The hardliners are worried that their power is on the wane in Tehran; moderates and reformers are attempting to "woe the masses" and expand their influence. Iranians are a proud people with a long history and they generally resent western interference in their country. They are also strongly in favour of a peaceful Iranian nuclear programme (80% is the figure I heard). Ahmadinejad and his cohorts are attempting to use those factors to rally the people into renewed support for the hardline Islamic leadership. In Iran, people see us opposing what they see as their legal peaceful programme and we become the hated western imperialists once again. This perception of an enemy at the door then boosts support for the incumbant regime. It's a standard ploy. See Bush or Blair for further details.

In recent days, the 27 of the 35 member states on the IAEA board voted to report Iran to the Security Council. The Iranian government responded by withdrawing from a voluntary agreement to allow short notice IAEA inspections. On the face of it, the IAEA action has made the situation worse; they have less access now than they did a week ago. Under the face of it, things aren't any better.

Elbaradei believes it would would take another two and a half years or so for Iran to build a bomb.

So what now?

*Puts on pragmatic international relations hat*

1. Stop publicly insisting that Iran must not be allowed to build a nuclear weapon if you've got nuclear weapons. It stinks of hypocrisy. I really don't want the Iranian government to have nuclear weapons but every time Bush says it, it irritates me enormously. I can only imagine that it has a similar, if considerably larger effect on the average Iranian. It may well be a worthy sentiment but it's counter-productive. So stop it.
2. Remember that the Iranians chose the timing of this "crisis". They did so because they know they are in a strong position. If there is to be a crisis, we'll decide when it's going to be thank you very much. For now, talk it down - it's troubling, but at the moment it's really just a minor difficulty over the precise nature of the rules for IAEA inspections. We can always talk it back up later if we need to.
3. Take away the sticks. Every threat made is one gleefully received by the Iranian government. Unite! Unite! Enemies at the gates... Stop playing their game.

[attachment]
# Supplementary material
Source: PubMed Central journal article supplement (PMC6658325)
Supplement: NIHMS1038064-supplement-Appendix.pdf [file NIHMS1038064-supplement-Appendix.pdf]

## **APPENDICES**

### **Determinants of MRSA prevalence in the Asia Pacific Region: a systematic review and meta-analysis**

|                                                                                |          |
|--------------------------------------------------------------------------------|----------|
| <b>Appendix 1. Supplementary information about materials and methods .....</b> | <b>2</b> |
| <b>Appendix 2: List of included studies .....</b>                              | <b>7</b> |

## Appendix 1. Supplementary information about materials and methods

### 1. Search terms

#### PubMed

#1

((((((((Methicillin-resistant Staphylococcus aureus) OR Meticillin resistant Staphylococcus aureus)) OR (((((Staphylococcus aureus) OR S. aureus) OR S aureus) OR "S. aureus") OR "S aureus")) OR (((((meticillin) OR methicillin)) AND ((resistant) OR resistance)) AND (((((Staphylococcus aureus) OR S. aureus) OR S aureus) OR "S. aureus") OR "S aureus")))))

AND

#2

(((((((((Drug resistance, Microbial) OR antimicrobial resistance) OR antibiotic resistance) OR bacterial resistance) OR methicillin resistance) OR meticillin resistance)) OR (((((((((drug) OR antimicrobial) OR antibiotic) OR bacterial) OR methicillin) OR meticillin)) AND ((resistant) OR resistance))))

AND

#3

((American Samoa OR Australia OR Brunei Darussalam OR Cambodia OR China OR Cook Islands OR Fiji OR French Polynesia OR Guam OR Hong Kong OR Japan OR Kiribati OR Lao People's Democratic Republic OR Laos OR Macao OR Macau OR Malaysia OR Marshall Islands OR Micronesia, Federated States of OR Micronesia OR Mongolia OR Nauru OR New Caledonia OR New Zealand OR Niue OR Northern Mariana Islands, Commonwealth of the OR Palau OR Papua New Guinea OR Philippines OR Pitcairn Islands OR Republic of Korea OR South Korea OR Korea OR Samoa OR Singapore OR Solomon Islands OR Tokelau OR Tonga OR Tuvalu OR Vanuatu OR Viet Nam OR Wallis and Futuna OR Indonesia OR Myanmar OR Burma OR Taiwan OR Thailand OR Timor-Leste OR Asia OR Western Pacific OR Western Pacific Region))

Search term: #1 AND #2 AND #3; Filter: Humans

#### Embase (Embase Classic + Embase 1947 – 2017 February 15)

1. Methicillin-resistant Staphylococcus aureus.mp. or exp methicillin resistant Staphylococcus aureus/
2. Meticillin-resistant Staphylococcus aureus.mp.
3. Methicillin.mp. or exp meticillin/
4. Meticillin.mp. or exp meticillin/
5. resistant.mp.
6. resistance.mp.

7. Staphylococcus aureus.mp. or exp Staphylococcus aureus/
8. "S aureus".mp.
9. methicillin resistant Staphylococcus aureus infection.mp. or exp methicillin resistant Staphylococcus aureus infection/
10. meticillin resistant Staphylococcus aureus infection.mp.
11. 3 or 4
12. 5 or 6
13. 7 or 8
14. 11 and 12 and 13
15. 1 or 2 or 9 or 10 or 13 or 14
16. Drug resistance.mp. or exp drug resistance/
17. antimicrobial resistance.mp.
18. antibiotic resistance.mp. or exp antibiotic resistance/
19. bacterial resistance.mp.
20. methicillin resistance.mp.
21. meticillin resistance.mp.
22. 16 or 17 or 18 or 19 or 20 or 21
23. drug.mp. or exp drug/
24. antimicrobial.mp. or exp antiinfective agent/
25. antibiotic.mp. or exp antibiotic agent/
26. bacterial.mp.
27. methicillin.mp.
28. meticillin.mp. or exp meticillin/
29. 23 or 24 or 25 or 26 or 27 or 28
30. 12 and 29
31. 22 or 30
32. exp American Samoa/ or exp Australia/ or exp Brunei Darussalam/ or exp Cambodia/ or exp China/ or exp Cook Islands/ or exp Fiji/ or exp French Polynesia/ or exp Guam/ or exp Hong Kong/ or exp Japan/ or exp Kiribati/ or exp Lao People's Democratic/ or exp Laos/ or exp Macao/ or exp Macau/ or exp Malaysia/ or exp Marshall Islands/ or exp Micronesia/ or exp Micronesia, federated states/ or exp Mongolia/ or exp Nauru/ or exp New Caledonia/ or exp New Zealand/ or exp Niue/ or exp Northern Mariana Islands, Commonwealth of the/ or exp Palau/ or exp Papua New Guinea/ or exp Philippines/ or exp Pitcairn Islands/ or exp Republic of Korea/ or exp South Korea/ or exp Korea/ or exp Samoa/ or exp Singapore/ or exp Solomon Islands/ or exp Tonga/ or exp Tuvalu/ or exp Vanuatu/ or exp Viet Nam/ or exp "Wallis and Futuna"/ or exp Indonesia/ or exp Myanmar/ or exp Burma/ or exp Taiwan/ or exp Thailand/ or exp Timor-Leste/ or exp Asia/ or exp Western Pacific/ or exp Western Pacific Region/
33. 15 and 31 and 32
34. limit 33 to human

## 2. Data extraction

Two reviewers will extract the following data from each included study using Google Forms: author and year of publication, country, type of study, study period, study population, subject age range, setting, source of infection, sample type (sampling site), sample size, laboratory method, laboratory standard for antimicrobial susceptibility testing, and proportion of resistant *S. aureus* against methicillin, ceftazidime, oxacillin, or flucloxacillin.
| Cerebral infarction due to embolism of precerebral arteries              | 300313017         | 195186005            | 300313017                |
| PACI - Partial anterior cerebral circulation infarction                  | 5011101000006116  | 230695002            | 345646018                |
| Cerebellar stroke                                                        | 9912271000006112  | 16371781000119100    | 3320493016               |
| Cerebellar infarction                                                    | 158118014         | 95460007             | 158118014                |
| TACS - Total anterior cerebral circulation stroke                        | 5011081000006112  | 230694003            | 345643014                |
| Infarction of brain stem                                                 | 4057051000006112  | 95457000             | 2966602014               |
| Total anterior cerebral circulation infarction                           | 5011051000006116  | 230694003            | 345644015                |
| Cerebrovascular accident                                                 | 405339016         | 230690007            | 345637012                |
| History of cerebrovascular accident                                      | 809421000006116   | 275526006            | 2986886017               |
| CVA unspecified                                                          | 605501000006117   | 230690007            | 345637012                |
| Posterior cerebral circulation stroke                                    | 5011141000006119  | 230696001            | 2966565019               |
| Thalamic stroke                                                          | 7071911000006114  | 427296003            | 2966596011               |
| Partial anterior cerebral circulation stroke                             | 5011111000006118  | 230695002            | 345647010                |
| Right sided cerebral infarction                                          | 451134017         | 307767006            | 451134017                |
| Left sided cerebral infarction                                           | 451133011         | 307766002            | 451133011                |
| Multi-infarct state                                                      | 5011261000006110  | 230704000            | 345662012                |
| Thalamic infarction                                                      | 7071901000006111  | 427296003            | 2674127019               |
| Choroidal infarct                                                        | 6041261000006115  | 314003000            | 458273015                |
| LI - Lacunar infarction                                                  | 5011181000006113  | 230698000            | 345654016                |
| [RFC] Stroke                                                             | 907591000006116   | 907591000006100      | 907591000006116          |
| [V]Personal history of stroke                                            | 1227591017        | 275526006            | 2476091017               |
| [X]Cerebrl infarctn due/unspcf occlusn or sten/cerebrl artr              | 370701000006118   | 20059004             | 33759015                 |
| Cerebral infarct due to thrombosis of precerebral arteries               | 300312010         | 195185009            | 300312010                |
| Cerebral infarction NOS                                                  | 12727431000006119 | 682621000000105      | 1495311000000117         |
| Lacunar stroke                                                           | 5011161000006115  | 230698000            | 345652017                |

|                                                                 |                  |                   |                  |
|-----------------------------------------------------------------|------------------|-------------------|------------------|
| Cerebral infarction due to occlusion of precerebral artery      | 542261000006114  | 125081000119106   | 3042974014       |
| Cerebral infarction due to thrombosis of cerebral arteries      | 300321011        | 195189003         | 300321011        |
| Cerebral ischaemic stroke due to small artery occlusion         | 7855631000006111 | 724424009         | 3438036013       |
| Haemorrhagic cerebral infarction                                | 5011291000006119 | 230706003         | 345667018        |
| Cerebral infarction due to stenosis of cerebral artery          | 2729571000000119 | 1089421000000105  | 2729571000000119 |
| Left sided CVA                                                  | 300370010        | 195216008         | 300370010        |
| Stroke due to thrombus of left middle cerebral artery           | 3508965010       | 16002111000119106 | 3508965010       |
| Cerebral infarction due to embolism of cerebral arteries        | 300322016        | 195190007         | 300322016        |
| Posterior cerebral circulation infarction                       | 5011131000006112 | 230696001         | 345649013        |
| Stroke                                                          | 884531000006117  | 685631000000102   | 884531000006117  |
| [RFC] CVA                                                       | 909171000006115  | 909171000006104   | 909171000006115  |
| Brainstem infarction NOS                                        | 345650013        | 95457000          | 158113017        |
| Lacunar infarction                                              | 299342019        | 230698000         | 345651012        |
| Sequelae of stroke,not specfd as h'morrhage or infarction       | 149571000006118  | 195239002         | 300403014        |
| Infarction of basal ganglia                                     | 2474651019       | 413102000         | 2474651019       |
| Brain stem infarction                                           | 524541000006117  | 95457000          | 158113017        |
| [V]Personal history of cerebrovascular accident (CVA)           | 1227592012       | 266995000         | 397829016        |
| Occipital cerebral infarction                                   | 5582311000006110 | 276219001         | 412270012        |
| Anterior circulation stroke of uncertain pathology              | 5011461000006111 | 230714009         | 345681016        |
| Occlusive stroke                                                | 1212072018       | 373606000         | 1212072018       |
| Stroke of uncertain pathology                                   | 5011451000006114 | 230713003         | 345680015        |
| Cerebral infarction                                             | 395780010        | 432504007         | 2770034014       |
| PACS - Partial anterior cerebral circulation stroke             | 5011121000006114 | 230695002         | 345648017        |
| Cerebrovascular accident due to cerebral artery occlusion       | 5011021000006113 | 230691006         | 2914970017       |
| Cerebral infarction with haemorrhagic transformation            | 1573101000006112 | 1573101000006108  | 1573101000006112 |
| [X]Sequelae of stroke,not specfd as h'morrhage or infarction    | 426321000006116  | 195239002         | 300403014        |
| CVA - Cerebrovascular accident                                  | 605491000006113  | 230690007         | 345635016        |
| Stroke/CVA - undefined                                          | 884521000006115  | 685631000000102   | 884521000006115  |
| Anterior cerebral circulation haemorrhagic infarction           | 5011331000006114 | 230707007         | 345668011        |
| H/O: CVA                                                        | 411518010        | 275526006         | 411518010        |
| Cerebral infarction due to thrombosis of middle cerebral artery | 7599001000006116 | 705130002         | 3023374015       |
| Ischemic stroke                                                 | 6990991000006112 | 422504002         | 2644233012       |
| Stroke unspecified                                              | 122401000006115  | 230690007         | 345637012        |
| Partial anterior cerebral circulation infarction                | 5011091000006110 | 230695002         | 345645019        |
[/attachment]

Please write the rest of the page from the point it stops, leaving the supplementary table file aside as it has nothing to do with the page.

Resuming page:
4. Adopt the classic (I never thought I'd say this but *winces*) "if you've nothing to hide, you've nothing to fear" strategy. But do it extremely diplomatically. Be unreasonably reasonable. We should say that we're perfectly happy for the Iranians to enrich their own uranium for power generation. We should say that we accept their assurances that the programme is for exclusively peaceful purposes. And we should say that we'd really like to make sure a suitable IAEA monitoring procedure is in place, just to reassure the slightly excitable, cynical elements of our societies, you understand. Importantly, we should, as a gesture of goodwill, agree to allow the IAEA to have equal access to our own facilities. Really. (Those who think that's an outrageous suggestion might ask themselves why they find it so strange that the Iranians keep refusing.)

If the Iranians don't agree to allow satisfactory inspections under those conditions, we can start considering other measures. In a year or so perhaps. At this stage, when the Iranians have done fundamentally nothing wrong, the softly softly approach is the way to go. Carrying a big stick will almost certainly be counter-productive.

And, one final point (because I can't write one post without mentioning the Blair). I should again point out that I have absolutely no confidence in his ability to handle this situation. I doubt the man could tell which end of the stick is the sharp and pointy one, never mind be able to wield the thing responsibly.

* There is a clause in the treaty which says it's OK to build bombs if you've already started. It's called the Magnus Magnusson clause. No, I made that up. We and the US just ignore the fact that we're not supposed to do it either. Who's going to stop us?